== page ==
The Accreditation Council for Graduate Medical Education held a congress on duty hours this summer at which time it listened to hours of testimony from physician groups and medical specialty societies. ACGME intends to release a report that reviews new duty limits imposed in 2003 and may recommend further changes.
It could be argued that the reason they were going through this exercise was because Sidney Zion demanded it.
Zion died Aug. 2 at age 75. He was a journalist, prosecutor and novelist, but he will be best remembered as an early advocate for patient safety who embarked on a crusade to lower medical resident work hours and increase supervision for doctors in training when his 18-year-old daughter died a few hours after entering New York Hospital on the night of March 4, 1984.
“I give him full credit for being the first person to put this on the map,” said patient-safety pioneer Lucian Leape, a Harvard School of Public Health adjunct professor of health policy. “Too bad it wasn’t a physician who said it, but that’s the way life is. I don’t think there’s any question he’s had an impact.”
An investigation found that a resident treating Libby Zion deviated from practice by not consulting a more experienced physician at 4:15 a.m. It was also found that residents prescribed Demerol for Libby Zion, which reacted with the antidepressant she was taking. Eventually, a jury said that New York Hospital should not have left a resident in charge of 40 patients at night, but also ruled that this did not contribute to Libby Zion’s death. In the meantime, however, the issue came into American living rooms during a 1987 “60 Minutes” segment when a resident who was being interviewed on the 25th hour of his shift forgot the question he had just been asked by reporter Mike Wallace.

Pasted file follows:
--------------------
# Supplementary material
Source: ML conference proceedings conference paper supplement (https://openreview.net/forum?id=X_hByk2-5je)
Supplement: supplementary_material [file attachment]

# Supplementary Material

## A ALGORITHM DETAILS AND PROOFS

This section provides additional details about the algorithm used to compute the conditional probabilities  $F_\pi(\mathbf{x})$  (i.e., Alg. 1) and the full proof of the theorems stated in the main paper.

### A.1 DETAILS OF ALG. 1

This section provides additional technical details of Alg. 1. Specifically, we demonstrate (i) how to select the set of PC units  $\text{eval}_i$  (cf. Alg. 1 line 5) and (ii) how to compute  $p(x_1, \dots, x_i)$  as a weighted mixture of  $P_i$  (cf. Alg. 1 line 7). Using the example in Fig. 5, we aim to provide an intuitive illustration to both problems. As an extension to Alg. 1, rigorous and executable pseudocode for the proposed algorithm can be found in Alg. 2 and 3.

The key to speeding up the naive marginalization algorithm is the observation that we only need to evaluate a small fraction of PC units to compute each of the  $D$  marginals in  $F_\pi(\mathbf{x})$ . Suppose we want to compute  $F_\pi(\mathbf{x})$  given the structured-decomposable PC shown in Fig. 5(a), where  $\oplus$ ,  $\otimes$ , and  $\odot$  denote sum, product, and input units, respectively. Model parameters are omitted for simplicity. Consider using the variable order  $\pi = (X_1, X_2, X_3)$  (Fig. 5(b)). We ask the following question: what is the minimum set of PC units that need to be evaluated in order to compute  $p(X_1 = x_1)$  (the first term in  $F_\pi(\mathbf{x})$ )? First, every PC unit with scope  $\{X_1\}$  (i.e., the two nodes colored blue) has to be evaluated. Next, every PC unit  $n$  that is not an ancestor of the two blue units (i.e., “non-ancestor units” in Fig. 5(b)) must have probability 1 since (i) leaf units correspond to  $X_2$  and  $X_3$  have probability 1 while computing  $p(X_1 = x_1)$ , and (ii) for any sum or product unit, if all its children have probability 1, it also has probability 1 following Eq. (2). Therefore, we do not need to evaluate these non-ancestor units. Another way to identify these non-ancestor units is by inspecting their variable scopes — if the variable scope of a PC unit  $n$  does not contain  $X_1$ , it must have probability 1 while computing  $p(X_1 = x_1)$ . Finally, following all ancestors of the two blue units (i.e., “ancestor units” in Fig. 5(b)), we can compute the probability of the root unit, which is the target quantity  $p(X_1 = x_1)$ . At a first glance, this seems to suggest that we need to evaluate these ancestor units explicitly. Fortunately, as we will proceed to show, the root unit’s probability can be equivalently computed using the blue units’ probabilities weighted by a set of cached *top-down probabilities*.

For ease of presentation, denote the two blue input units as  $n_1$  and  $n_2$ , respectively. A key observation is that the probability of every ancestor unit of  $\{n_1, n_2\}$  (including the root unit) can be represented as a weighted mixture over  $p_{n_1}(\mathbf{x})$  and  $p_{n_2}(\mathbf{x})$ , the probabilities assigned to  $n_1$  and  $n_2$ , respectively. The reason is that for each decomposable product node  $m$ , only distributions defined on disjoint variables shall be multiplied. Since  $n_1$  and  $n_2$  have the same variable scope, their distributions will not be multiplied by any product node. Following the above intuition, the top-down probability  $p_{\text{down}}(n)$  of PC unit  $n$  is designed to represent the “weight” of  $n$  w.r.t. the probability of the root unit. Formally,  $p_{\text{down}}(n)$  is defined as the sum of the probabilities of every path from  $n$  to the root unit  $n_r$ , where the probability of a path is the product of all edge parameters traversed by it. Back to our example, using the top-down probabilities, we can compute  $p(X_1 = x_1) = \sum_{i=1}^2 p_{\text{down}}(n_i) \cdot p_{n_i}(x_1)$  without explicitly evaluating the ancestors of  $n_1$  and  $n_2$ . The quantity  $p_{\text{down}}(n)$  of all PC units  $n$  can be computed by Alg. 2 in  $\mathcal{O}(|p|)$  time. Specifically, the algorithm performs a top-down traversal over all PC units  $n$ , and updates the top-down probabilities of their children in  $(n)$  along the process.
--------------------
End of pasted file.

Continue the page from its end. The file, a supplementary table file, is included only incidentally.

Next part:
“His outrage about his daughter’s death led to the Bell Commission,” said Leape, referring to the panel convened in 1987 whose recommendations led to New York state capping the resident workweek at 80 hours and limiting shifts to 24 hours in 1989. ACGME adopted similar nationwide limits in 2003, and a December 2008 Institute of Medicine report called for further restrictions on resident work hours.
Libby Zion’s story became the subject of a 1995 book, The Girl Who Died Twice, which—unlike most best-sellers—was reviewed in major medical journals, including the Journal of the American Medical Association. Leape wrote the review. “He was a very aggressive person, and he turned people off—almost like Michael Moore—people found it hard to take the message from him,” Leape said of Sidney Zion. “But he didn’t let go. He didn’t win any friends, but that wasn’t his objective.”
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